The Field Where I Died
"Field Trip" Plot Summary:
In North Carolina, Wallace and Angela Schiff return home one evening from a camping trip. She's cranky and goes to take a shower. Inside, she sees yellow ooze dripping down the tile. When Angela gets into bed, she curls up with her husband. In daylight, two skeletons are found in the same position lying on the ground.
Mulder shows slides of the skeletons to Scully at the F.B.I., explaining that the couple had only been missing for three days when the bones were discovered. Scully says that the bodies must have been stripped and skeletonized in a ritualistic killing, but Mulder points out that they were found near Brown Mountain, which has been famous for UFO sightings since the Cherokee settled the area. "Extraterrestrials buzz the same mountain for 700 years?" Scully demands skeptically, and Mulder admits that it sounds like crap when she says it. Just once Scully wants Mulder to consider the most logical explanation, but he asks her how many times his theories have been wrong, insisting that he's earned the benefit of the doubt.
Mulder and Scully examine the bodies in the morgue - it's definitely the Schiffs, but there's no evidence of what happened to them save some unidentified yellow ooze on the bones. While Mulder heads off to Brown Mountain, Scully studies the material the coroner suspects is from the swamp nearby. Mulder parks on a ring of mushrooms and spots the same ooze on the ground, then spots...Wallace Schiff! The man flees from him and Mulder pursues into a cave, where he finds himself trapped with the dead man. Wallace says the skeletons are fakes - he and his wife were abducted by aliens, but they have not returned Angela and he is terrified.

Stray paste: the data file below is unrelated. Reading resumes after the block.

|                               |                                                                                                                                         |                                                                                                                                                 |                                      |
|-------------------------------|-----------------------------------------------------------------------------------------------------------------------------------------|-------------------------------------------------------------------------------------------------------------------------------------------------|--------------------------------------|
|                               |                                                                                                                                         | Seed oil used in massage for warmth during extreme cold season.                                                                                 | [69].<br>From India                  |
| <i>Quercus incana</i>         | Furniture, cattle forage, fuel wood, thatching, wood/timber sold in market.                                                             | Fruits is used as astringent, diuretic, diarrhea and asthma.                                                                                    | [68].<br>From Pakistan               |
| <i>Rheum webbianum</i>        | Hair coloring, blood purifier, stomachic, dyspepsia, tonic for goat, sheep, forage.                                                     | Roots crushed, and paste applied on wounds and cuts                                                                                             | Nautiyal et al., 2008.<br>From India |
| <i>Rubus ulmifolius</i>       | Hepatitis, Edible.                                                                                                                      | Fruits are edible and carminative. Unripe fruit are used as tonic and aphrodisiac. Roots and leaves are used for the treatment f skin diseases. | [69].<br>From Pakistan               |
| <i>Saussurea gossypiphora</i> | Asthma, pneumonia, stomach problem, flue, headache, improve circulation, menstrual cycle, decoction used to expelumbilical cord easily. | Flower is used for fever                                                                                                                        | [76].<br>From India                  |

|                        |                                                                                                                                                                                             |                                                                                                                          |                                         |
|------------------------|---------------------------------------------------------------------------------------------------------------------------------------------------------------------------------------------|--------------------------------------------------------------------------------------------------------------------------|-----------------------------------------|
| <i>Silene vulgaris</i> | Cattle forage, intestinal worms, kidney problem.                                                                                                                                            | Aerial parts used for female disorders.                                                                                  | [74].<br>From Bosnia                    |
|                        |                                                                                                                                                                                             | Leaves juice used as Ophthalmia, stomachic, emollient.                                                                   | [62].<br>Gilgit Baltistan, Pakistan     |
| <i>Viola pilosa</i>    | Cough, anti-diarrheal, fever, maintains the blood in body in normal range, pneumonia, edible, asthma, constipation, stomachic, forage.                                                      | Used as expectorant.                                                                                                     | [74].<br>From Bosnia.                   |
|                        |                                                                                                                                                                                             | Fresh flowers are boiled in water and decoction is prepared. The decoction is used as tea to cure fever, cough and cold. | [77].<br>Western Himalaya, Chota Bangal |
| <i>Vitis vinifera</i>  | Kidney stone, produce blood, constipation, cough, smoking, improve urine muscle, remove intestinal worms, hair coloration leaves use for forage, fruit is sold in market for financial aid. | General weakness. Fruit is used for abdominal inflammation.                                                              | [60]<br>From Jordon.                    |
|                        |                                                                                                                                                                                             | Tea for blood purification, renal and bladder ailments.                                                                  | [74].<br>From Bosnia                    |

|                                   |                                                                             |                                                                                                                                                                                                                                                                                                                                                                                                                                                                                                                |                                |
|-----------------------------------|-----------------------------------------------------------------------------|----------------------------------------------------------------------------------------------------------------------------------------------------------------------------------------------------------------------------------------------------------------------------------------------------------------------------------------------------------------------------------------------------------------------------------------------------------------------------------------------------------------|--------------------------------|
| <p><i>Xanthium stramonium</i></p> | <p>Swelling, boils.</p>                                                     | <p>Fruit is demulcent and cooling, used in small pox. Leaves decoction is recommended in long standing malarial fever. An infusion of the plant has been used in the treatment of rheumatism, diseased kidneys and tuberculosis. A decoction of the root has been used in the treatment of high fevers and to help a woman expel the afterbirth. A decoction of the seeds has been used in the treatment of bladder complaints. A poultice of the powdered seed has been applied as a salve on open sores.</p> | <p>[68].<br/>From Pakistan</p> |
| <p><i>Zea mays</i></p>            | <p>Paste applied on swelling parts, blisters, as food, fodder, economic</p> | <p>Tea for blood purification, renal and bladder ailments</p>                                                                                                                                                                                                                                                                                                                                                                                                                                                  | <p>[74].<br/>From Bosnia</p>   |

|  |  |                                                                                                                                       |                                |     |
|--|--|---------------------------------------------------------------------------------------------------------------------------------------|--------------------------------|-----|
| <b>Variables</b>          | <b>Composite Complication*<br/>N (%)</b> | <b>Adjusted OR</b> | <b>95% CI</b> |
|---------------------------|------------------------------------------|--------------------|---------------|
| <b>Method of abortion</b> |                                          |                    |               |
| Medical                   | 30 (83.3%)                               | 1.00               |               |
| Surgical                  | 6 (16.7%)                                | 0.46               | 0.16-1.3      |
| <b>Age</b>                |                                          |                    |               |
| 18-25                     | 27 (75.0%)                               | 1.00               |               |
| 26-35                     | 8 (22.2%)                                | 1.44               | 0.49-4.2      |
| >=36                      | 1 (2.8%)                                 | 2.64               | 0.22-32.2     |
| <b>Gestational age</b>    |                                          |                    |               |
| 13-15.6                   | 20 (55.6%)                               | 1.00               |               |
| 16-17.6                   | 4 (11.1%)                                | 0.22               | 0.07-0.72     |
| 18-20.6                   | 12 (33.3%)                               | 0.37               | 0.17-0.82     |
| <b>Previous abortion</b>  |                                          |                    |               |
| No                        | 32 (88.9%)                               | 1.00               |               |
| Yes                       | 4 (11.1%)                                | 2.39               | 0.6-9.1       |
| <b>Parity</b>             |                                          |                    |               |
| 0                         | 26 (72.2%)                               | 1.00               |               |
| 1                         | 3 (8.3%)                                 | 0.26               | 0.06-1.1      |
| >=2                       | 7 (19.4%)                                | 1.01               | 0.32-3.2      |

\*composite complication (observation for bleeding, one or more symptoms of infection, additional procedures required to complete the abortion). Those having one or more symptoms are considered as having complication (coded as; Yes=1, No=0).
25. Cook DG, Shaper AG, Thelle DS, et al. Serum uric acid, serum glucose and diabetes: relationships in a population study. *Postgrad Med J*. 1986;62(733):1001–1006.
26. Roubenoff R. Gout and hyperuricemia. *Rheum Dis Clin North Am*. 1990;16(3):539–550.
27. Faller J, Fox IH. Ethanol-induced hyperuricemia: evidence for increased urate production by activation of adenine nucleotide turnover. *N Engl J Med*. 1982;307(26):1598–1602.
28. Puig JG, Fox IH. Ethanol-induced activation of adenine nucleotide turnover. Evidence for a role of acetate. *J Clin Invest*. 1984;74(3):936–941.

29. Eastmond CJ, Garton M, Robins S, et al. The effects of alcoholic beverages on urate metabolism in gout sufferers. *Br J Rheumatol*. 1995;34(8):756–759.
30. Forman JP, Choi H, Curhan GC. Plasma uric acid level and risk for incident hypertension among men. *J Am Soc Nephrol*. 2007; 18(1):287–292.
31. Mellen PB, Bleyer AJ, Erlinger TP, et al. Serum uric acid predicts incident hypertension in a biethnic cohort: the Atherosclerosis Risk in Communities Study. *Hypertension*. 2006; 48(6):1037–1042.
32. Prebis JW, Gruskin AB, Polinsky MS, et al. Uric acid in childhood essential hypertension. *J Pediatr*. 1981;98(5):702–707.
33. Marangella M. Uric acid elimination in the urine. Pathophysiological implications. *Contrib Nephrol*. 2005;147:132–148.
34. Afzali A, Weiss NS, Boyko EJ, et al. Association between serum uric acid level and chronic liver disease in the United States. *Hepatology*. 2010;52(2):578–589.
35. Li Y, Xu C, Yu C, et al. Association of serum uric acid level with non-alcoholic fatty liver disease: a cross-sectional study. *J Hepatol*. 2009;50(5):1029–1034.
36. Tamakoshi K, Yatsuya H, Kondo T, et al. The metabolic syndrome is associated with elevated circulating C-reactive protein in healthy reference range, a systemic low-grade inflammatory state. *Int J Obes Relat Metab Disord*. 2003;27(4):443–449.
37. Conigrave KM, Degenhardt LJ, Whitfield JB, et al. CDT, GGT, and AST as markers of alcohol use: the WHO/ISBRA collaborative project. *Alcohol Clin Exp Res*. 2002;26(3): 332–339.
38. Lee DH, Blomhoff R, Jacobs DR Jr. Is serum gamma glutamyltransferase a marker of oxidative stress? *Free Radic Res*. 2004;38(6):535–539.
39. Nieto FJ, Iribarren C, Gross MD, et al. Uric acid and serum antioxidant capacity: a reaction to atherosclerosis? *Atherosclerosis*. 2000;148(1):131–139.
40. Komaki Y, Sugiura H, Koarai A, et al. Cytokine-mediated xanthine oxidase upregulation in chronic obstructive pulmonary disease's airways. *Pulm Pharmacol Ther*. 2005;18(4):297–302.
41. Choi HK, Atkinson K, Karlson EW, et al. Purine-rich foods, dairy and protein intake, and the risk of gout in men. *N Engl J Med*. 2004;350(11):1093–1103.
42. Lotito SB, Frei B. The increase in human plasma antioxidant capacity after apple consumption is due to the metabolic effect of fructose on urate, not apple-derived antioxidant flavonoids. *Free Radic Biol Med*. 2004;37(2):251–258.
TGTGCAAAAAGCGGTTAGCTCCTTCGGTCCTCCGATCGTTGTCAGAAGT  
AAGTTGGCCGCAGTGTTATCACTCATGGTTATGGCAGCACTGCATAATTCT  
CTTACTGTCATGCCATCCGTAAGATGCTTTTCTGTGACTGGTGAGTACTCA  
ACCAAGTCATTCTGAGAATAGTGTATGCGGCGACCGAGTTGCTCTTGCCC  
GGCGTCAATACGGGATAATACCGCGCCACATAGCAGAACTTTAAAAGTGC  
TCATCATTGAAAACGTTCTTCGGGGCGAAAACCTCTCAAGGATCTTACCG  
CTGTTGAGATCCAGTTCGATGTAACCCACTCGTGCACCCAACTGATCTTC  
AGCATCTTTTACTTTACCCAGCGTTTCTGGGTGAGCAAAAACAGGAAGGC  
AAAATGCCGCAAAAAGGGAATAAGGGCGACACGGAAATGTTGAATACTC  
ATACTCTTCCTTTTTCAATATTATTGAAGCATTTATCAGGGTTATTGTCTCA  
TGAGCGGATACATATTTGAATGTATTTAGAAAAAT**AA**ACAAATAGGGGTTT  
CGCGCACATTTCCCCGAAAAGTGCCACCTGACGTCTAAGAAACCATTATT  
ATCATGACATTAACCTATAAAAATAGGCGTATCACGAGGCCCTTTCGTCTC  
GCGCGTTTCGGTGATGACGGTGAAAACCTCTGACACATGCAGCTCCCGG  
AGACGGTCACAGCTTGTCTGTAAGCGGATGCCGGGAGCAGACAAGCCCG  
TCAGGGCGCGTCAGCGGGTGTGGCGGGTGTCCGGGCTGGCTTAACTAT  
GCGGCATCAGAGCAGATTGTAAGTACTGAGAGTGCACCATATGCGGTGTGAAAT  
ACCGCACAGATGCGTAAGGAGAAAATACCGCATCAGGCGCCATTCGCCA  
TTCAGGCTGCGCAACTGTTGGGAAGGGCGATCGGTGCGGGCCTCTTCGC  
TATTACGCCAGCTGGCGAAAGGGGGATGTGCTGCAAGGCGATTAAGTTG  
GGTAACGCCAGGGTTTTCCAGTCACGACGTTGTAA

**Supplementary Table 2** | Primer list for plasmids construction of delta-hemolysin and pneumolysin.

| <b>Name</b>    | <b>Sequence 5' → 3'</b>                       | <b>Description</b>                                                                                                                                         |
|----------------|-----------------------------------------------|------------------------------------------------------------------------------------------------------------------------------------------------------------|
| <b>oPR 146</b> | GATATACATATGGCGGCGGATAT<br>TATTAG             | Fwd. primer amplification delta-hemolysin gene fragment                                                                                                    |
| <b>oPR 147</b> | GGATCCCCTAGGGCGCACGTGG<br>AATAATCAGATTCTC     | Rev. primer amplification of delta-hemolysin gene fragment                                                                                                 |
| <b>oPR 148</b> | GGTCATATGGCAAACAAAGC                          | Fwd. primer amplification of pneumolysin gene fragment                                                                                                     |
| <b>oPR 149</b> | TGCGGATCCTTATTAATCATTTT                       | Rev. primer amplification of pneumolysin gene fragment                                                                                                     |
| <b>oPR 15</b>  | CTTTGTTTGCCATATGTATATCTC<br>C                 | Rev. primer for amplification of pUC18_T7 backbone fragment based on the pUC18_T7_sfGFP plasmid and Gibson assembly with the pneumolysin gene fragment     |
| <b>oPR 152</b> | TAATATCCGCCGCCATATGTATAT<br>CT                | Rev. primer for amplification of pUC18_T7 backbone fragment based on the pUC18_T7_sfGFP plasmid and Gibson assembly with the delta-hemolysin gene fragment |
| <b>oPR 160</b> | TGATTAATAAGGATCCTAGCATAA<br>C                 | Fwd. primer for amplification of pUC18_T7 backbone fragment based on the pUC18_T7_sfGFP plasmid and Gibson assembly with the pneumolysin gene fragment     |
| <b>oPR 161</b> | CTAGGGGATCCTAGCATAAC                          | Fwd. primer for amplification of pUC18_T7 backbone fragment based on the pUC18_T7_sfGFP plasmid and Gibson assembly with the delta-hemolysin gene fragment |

Meanwhile Scully determines that the ooze is a digestive secretion including a plant enzyme, and reads old reports of other skeletal remains found on the mountain. Nervous, she calls Mulder, who does not answer his cell phone. She borrows the coroner's truck and heads out to look for her partner. Following Mulder's tracks, she comes to the entrance of the cave, shining her flashlight inside. But she sees nothing, so she walks away.
Inside the cave, the shining light from the now-restored opening makes Wallace panic, but it stops without harming the two men. "Thank god they didn't find us," Wallace pants, but Mulder suspects they were there for something else. Sure enough, Angela has been returned. She answers Mulder's leading questions, explaining that she saw a light over the mountain and was taken into a lab where men experimented on her. Mulder finds an implant scar on her neck. It all makes sense to the agent but the fake skeletons, which are unprecedented in the history of UFO abductions. When the light returns, he insists that they have to leave the cave, though the Schiffs are terrified of being captured again. Mulder walks straight into the light.
Scully knocks on her partner's door demanding to know why he left North Carolina without her. She is shocked to find the Schiffs sitting alive in his apartment, and doubts their story until Mulder tells her to set aside her scientific bias because he needs to tell her something that will change her life. "I was out there. I saw it." "Saw what?" "The truth," he replies, taking her into his bedroom, where he has a small gray alien hiding in the dark. "We communicate telepathically," Mulder explains, and Scully begins to hear the alien as well. "Oh my god," she says. "You were right. All these years you were right." She testifies to the existence of Grays, UFOs, etc., until Mulder asks about the skeletons. "It was nothing," Scully waves dismissively. But that doesn't sound like Scully to her partner, who suddenly has a terrible headache. Yellow ooze clouds his vision as Scully and the Schiffs seem to melt, and for a moment he's in a cave surrounded by the digestive matter.